Monday, July 15, 2013

Birdwatcher starter kit: Just add wildlife

If you have just recently developed an interest in birds and the natural world, or have always wanted to get a bit closer to the wildlife in your garden or in the countryside then here are a few tips for the kind of equipment that can really enhance the experience.

The most important piece of kit is a good binocular. It is not necessary to buy the top of the range to get something of good quality that is very usable, but it is worth while getting the best you can afford. The most popular specification for binoculars is 8x32 (8 times magnification with 32mm objective lenses). This specification gives a good compromise between magnification, field of view, brightness and weight. The birdwatchers' standard is an 8 or 10x42, but the larger 42mm lenses on these make them a little heavy for a lot of people. Unless you are often using your binoculars in low light, the smaller and lighter 32mm is a very good all-rounder that will be light enough to go everywhere. This is in no way to detract from the benefits of large-lensed bright binoculars which can be awe-inspiring in twilight conditions.
Many modern binoculars can close focus down to around 2m (6'6") which makes them very good for observing butterflies and dragonflies without disturbing them.

Testing scopes at our Glandford shop
Telescopes (also called spotting scopes or just “scopes”) are for the most part less frequently used than binoculars by birdwatchers. The purpose of a scope is to get higher magnification than can be sensibly achieved with portable binoculars. The limiting factors with binoculars in terms of magnifying power are being usable hand-held without a tripod and the need for a wide field of view. The same principals apply as with binoculars; bigger is brighter and better for higher magnification, but if weight is a consideration then a smaller and lighter scope may be a better idea. If you walk long distances or go birdwatching abroad then a scope with an objective lens diameter between 50mm and 65mm will be quite portable. On the other hand, if you mostly visit nature reserves with relatively short walks between the hides or like to do a lot of sea watching for passing divers, shearwarters and skuas then a larger (77mm to 95mm) scope will be better for higher magnification and low light conditions.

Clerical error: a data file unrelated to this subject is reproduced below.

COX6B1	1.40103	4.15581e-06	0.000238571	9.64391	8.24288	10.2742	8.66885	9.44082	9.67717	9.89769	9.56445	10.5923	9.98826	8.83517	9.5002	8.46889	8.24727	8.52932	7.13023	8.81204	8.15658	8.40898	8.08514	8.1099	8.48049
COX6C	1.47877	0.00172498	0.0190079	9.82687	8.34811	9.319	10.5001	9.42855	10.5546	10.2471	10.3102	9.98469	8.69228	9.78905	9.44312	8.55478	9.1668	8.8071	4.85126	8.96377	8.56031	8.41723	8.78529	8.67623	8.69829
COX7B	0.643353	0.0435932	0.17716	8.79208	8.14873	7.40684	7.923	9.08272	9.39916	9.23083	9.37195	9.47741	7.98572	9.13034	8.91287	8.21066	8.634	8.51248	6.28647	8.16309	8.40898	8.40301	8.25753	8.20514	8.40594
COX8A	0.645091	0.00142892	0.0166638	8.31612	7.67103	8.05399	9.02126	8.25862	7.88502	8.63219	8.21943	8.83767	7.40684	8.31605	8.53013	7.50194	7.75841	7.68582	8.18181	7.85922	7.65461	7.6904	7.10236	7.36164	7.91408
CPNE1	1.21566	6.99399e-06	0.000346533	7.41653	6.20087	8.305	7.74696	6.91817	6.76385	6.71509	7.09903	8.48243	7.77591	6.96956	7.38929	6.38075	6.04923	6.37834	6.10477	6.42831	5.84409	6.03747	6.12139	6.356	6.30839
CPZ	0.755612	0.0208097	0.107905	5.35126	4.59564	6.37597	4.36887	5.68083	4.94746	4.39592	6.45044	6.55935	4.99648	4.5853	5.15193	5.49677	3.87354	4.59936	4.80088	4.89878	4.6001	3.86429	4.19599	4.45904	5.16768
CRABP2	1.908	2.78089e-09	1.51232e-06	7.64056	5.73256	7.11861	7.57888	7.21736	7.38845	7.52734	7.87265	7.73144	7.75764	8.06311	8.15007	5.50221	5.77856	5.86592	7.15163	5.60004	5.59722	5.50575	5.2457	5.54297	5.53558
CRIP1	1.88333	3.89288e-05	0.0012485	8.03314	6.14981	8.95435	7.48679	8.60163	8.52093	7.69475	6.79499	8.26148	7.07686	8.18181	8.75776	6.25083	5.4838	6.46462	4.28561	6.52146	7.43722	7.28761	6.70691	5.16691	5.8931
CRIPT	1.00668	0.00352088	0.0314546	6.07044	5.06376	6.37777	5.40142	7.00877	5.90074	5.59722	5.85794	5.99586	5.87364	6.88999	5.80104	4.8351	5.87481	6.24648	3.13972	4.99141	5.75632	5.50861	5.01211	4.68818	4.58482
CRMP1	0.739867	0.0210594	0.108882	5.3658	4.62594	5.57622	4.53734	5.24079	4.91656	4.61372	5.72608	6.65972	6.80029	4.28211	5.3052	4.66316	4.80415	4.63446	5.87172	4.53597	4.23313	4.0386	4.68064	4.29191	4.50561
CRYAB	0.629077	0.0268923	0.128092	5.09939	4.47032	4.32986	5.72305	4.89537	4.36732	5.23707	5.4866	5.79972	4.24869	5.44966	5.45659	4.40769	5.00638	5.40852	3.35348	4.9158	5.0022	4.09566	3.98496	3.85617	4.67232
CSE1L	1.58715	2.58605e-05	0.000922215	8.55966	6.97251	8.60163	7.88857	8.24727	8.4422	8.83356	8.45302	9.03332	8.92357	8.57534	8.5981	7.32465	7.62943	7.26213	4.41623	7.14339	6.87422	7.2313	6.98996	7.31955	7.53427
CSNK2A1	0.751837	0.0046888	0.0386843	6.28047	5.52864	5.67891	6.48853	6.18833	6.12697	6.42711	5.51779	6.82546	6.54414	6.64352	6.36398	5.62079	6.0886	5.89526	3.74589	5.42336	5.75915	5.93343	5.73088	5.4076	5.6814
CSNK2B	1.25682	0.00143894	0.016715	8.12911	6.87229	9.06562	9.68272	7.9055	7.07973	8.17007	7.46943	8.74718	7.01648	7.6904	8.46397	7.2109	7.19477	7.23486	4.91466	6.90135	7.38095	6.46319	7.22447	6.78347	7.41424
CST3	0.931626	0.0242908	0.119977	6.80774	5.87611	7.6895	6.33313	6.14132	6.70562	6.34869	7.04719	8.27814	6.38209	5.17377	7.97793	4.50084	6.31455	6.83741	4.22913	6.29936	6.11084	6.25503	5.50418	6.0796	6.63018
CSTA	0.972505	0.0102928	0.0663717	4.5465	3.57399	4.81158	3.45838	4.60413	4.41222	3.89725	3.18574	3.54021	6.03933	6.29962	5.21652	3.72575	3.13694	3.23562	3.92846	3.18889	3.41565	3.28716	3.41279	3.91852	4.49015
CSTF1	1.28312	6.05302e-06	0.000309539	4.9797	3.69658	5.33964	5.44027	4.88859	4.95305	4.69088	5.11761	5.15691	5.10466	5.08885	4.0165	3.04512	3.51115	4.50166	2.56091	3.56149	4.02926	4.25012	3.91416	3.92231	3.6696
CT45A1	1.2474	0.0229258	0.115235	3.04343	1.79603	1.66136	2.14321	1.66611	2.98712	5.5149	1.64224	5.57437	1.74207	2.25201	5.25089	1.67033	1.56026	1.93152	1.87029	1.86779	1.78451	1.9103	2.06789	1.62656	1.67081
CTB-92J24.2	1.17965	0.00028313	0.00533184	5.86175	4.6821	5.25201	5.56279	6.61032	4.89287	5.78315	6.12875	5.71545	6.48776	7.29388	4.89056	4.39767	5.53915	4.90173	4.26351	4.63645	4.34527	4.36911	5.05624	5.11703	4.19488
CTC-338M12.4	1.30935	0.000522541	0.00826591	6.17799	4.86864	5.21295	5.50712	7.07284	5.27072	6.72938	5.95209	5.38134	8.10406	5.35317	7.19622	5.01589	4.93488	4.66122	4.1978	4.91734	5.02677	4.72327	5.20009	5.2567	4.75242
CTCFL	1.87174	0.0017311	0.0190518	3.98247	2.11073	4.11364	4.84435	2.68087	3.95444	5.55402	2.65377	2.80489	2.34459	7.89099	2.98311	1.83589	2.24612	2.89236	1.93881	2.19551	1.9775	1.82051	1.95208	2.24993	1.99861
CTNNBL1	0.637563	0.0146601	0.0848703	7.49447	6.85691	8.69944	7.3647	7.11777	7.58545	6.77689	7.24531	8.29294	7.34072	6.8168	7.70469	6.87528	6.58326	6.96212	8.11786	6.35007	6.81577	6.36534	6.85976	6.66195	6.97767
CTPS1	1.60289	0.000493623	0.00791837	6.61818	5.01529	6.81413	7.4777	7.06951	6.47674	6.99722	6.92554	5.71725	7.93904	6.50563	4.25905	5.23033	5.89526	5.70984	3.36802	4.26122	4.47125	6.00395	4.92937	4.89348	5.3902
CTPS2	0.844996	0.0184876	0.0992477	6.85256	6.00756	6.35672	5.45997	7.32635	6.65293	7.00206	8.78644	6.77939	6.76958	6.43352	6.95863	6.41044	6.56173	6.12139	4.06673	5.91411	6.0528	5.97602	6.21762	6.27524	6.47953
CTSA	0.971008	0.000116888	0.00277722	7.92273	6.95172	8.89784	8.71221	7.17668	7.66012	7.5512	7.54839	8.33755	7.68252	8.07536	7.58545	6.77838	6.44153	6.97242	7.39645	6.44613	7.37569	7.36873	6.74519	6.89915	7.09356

Insects and plants can prove an interesting
diversion when there are no birds about.
The eyepiece on the scope controls the degree of magnification and if it is fixed at one power or is variable (zoom). Most entry level and mid-range scopes are supplied with a zoom eyepiece, typically giving a range of 15-45x on a 65mm scope and 20-60x on an 80mm scope. Zooms are more popular because they offer flexibility and high magnification, but some people prefer fixed magnification eyepieces for the wider field of view. A resent innovation that is appearing on many top of the range scopes are wide-angle zooms which are designed to give the best of both worlds.

In addition to the Scope itself a tripod or at least monopod is required to keep it stable. For more information on these have a look at our website or click here to read our blog post on the subject.

The final piece of equipment is a field guide.  These range in complexity and coverage from garden birds of Britain to the whole of the Western Palearctic and vagrants to the whole world.  It's best to get familiar with the common ones first before confusing yourself with anything more comprehensive.  We stock a range of field guides at our Glandford shop including the ever popular black-covered Collins guide.

As mentioned in the previous blog post, second hand equipment can be a great way to get started with better kit than you could have got for the same money new.
Kitted up and ready to go
Whatever your budget or requirements we have a wide range of kit that will meet your needs. We also take part exchanges against new and second hand equipment so upgrading can done at lower cost.

Once you are kitted out all you need to do now is look for birds and all the other wildlife. One of the joys of birdwatching is that almost anywhere you go there will be something of interest to look at. If you are also interested insects, plants and mammals then you will never be short of something to watch and enjoy at any time of the year.